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Article

Preliminary Evaluation of a Granite Rock Dust Product for Pest Herbivore Management in Field Conditions

1
Chemistry Department, Acadia University, Wolfville, NS B4P 2R6, Canada
2
Biology Department, Acadia University, Wolfville, NS B4P 2R6, Canada
*
Author to whom correspondence should be addressed.
Insects 2020, 11(12), 877; https://doi.org/10.3390/insects11120877
Received: 16 November 2020 / Revised: 9 December 2020 / Accepted: 9 December 2020 / Published: 11 December 2020
(This article belongs to the Special Issue Natural Substances against Insect Pests: Assets and Liabilities)
Rock dusts, including granite rock dust, are a rich source of silicon, one of the most abundant elements in the earth’s crust. Silicon exerts repellent, insecticidal and anti-ovipositional activities against agricultural pests. When accumulated on plant tissue, it can also form a mechanical barrier that increases resistance to pest attack. In the present work, we examined the effect of granite dust in managing herbivores under field conditions, evaluating the repellent and insecticidal activity against pests in lily, cabbage, and squash plants. Rock dust provided significant protection against specialist lily leaf beetles but was not effective in reducing general herbivore damage to field-grown cabbage and squash plants. Interestingly, rock dust also improved squash plant yield, increasing fruit size 2.5-fold. Overall, these results suggest granite as a beneficial alternative to synthetic pesticides with potential to manage pest herbivores, and to boost plant health.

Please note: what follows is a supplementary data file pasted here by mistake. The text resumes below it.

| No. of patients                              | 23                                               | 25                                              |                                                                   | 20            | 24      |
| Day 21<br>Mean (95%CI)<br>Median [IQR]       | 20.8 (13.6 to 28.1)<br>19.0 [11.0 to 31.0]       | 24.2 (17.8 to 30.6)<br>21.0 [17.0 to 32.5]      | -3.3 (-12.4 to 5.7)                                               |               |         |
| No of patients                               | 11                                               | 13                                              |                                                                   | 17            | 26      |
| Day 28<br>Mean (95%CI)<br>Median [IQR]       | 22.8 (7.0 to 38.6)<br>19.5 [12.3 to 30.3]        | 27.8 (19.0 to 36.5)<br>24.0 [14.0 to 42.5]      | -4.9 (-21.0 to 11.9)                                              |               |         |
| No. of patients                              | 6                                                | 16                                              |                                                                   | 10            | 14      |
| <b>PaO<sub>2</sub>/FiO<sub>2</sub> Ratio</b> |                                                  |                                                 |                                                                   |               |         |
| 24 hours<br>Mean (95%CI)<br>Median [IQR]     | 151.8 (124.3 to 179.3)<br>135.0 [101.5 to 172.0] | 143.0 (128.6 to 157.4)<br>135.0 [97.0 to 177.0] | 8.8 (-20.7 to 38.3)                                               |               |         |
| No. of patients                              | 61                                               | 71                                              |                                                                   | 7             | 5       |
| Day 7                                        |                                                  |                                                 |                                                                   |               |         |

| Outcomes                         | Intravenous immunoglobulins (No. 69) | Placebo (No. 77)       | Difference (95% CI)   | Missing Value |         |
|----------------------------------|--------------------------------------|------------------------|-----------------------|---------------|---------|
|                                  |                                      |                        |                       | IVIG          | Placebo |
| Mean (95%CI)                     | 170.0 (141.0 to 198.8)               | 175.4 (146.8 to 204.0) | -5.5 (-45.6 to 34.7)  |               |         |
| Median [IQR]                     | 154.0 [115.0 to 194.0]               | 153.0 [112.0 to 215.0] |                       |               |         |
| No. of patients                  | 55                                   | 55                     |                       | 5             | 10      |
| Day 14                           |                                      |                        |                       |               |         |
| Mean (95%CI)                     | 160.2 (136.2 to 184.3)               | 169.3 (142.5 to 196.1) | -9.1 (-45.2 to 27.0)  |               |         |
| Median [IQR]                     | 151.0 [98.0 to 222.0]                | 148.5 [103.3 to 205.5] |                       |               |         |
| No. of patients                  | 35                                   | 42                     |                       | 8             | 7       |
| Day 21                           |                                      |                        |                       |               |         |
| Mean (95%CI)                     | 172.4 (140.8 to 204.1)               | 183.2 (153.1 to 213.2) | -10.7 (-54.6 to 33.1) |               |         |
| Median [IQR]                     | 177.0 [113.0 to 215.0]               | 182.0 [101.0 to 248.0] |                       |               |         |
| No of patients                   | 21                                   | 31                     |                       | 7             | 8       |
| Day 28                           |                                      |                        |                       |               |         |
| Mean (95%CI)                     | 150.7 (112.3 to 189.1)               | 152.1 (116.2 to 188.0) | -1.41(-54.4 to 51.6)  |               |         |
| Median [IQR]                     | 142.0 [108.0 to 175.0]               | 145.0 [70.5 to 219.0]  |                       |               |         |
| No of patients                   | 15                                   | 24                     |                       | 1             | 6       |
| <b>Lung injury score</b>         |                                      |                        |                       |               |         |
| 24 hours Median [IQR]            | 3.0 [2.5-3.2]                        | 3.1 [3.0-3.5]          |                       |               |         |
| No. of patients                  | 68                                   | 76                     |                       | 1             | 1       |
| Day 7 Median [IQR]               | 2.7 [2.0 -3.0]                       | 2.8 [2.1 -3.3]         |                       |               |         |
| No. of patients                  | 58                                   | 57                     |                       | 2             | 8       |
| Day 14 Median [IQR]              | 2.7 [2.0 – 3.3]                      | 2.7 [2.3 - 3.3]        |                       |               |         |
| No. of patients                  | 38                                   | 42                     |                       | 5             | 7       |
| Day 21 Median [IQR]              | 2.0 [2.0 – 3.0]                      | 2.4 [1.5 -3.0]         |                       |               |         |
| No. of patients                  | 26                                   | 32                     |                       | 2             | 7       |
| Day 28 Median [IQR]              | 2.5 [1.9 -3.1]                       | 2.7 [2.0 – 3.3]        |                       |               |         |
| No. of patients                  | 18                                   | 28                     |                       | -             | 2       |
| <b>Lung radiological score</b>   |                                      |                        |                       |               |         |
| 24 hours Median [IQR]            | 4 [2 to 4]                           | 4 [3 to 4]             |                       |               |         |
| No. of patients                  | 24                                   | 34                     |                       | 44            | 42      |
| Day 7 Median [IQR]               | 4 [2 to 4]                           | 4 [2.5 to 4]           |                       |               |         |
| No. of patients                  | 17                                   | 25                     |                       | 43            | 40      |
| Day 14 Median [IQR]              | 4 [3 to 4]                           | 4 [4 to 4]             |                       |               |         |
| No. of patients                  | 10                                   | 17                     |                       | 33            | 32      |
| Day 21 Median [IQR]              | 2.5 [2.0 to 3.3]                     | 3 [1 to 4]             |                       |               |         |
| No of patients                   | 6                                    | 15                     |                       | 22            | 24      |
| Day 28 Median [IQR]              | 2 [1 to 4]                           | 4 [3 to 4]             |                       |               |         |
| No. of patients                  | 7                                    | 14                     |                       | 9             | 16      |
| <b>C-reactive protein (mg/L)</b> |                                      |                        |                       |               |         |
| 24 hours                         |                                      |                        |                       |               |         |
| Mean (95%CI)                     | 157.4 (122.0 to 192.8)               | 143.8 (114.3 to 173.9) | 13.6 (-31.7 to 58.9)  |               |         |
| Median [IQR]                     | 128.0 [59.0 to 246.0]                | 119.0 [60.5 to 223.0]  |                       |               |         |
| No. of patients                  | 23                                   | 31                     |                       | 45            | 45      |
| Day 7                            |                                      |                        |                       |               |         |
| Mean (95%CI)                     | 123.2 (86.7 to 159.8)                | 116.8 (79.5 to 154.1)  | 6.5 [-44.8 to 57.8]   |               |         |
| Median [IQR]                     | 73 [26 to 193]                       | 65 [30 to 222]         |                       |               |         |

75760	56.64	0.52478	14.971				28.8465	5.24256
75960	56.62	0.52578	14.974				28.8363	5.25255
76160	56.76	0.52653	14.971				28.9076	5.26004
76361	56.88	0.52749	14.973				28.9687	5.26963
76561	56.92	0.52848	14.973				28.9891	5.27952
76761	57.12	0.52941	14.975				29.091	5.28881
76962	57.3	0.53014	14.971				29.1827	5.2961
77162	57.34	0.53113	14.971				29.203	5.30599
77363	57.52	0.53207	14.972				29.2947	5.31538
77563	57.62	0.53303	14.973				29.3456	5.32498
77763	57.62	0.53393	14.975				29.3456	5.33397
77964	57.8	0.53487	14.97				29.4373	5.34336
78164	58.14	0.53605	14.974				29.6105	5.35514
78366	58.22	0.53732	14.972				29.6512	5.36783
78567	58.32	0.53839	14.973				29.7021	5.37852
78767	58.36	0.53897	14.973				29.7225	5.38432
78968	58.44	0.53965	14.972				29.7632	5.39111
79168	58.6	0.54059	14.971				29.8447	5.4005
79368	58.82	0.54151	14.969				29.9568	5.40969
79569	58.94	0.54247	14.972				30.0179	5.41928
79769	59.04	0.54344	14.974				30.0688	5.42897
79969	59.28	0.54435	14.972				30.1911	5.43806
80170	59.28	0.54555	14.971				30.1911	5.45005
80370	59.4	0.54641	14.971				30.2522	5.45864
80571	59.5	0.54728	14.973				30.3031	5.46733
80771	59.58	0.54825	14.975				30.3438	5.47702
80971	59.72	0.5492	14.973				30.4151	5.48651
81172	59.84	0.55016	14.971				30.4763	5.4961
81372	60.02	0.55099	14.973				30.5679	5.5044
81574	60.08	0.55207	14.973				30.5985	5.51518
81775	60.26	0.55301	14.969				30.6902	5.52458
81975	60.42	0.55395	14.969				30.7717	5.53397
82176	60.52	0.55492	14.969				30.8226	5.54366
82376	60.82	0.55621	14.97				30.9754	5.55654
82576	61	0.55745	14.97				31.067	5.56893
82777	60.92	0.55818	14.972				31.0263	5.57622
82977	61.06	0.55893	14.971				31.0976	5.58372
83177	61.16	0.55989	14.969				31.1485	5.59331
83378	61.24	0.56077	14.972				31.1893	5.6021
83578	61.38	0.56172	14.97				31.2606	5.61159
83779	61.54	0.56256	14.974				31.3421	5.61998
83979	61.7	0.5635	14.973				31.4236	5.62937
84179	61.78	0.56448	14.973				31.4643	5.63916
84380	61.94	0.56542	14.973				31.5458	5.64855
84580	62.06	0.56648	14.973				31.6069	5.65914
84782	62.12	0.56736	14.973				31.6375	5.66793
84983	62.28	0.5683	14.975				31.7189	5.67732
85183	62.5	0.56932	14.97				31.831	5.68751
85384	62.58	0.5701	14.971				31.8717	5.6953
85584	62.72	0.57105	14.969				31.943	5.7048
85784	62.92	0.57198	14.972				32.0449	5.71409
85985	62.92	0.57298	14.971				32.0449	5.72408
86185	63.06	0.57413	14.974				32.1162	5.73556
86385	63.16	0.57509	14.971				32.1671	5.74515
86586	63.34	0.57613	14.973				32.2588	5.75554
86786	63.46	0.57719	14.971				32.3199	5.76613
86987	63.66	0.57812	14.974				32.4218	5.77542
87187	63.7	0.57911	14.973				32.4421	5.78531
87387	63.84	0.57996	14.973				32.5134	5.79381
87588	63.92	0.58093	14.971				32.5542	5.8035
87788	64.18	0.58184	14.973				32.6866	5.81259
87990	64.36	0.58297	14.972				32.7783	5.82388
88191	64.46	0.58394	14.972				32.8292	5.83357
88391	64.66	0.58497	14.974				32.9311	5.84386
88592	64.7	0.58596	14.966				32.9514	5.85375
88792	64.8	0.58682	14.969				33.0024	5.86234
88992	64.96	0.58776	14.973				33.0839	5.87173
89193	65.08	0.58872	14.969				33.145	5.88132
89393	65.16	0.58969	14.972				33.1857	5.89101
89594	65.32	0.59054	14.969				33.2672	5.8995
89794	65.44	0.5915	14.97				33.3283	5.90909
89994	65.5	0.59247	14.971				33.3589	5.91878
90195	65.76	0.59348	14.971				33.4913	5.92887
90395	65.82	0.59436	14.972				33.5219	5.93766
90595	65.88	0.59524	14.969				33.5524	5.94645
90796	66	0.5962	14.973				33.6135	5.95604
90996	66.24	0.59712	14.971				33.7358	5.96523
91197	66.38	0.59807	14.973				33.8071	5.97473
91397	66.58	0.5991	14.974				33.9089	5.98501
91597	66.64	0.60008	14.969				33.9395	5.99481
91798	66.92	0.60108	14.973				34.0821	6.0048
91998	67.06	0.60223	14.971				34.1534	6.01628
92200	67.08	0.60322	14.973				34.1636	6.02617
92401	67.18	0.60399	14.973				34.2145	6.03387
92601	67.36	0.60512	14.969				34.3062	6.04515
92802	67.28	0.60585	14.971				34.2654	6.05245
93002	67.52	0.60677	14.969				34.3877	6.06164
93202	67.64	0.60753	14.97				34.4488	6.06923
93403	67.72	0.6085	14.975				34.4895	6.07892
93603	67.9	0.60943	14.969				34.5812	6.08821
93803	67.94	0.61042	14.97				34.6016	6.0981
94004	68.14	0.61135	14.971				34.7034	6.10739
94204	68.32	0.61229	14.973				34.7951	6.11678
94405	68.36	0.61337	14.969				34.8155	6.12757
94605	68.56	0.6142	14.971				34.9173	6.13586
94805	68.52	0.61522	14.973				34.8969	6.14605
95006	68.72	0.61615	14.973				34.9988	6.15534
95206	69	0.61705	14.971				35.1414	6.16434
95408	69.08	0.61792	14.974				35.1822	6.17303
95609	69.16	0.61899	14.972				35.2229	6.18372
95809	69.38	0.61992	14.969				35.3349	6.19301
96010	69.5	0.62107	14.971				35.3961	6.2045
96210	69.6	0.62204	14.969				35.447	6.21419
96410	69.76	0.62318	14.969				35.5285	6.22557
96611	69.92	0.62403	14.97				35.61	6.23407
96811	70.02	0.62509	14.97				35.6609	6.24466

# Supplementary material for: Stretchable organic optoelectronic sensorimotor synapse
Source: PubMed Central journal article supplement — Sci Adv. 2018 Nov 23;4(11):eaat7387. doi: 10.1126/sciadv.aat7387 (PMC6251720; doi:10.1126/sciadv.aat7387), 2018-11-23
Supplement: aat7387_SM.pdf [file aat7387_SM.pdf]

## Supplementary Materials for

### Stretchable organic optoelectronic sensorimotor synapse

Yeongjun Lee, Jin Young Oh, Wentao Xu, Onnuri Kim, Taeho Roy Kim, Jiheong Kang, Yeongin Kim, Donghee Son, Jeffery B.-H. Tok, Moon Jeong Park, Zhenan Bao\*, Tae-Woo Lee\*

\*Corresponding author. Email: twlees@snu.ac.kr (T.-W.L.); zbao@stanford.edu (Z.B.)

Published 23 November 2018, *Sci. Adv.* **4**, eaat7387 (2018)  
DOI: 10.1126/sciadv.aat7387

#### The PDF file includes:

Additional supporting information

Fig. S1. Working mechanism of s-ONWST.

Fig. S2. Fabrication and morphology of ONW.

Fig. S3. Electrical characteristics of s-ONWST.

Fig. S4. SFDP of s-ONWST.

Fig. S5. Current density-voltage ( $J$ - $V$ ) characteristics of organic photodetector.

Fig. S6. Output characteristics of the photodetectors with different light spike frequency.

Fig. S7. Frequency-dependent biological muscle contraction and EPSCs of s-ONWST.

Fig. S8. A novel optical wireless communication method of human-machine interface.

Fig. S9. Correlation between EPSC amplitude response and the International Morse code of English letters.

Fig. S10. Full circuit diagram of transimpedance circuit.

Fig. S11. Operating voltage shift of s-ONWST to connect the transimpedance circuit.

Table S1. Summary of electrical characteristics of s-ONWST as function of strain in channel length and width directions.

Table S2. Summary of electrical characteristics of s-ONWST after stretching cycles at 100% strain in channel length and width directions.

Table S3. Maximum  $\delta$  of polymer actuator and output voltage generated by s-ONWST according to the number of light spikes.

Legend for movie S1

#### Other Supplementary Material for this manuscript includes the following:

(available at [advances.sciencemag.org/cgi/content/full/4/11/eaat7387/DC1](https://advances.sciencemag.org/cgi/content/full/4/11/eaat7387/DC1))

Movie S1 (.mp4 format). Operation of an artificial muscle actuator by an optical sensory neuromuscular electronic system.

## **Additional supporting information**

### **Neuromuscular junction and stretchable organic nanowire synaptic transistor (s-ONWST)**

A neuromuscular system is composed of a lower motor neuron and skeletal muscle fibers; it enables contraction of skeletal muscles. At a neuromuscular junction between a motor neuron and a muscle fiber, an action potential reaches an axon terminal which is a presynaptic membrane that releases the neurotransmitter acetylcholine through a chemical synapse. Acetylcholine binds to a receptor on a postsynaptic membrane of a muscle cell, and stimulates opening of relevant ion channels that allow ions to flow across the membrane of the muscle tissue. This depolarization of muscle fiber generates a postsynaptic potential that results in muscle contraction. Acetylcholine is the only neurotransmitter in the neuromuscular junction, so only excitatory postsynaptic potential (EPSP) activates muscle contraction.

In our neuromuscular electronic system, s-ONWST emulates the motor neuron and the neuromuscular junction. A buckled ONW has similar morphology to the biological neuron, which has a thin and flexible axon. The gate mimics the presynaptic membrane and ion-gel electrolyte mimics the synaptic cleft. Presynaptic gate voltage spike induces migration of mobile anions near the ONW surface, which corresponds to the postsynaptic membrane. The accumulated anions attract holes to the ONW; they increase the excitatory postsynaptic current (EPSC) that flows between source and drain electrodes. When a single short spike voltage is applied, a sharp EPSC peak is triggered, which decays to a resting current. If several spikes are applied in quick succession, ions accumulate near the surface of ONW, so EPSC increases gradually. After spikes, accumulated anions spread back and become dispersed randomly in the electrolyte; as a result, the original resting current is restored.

The effects of granite rock dust in dry and aqueous formulations were evaluated under field conditions for control of insect pests in different crop systems and ornamental plants. We tested efficacy of crop protection following foliar applications on lily, squash, and cabbage plants by evaluating subsequent pest damage, overall plant health, and quantity of crops produced over one season. Lily plants treated with dry and aqueous formulations of rock dust were subject to lower herbivore damage (>1% and 11% herbivory damage, respectively) when compared to the controls (30% herbivory damage). Treatment on cabbage was less effective to protect plants against herbivory damage, and no statistically significant differences were reported within treatments. The foliar applications (dry and aqueous formulations) had positive impacts on growth of squash fruit resulting in a 2.5-fold increase in size relative to the control squash fruit. These results support the potential field application of granite dust to protect ornamental plants against herbivory attack, and reveal an alternative positive effect of the silica-based product on plant growth and development. View Full-Text
Keywords: granite dust; repellent; silica-based product; ornamental plants; mineral formulation; herbivory granite dust; repellent; silica-based product; ornamental plants; mineral formulation; herbivory
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MDPI and ACS Style

Faraone, N.; Hillier, N.K. Preliminary Evaluation of a Granite Rock Dust Product for Pest Herbivore Management in Field Conditions. Insects 2020, 11, 877. https://doi.org/10.3390/insects11120877

AMA Style

Faraone N, Hillier NK. Preliminary Evaluation of a Granite Rock Dust Product for Pest Herbivore Management in Field Conditions. Insects. 2020; 11(12):877. https://doi.org/10.3390/insects11120877

Chicago/Turabian Style

Faraone, Nicoletta; Hillier, N. K. 2020. "Preliminary Evaluation of a Granite Rock Dust Product for Pest Herbivore Management in Field Conditions" Insects 11, no. 12: 877. https://doi.org/10.3390/insects11120877

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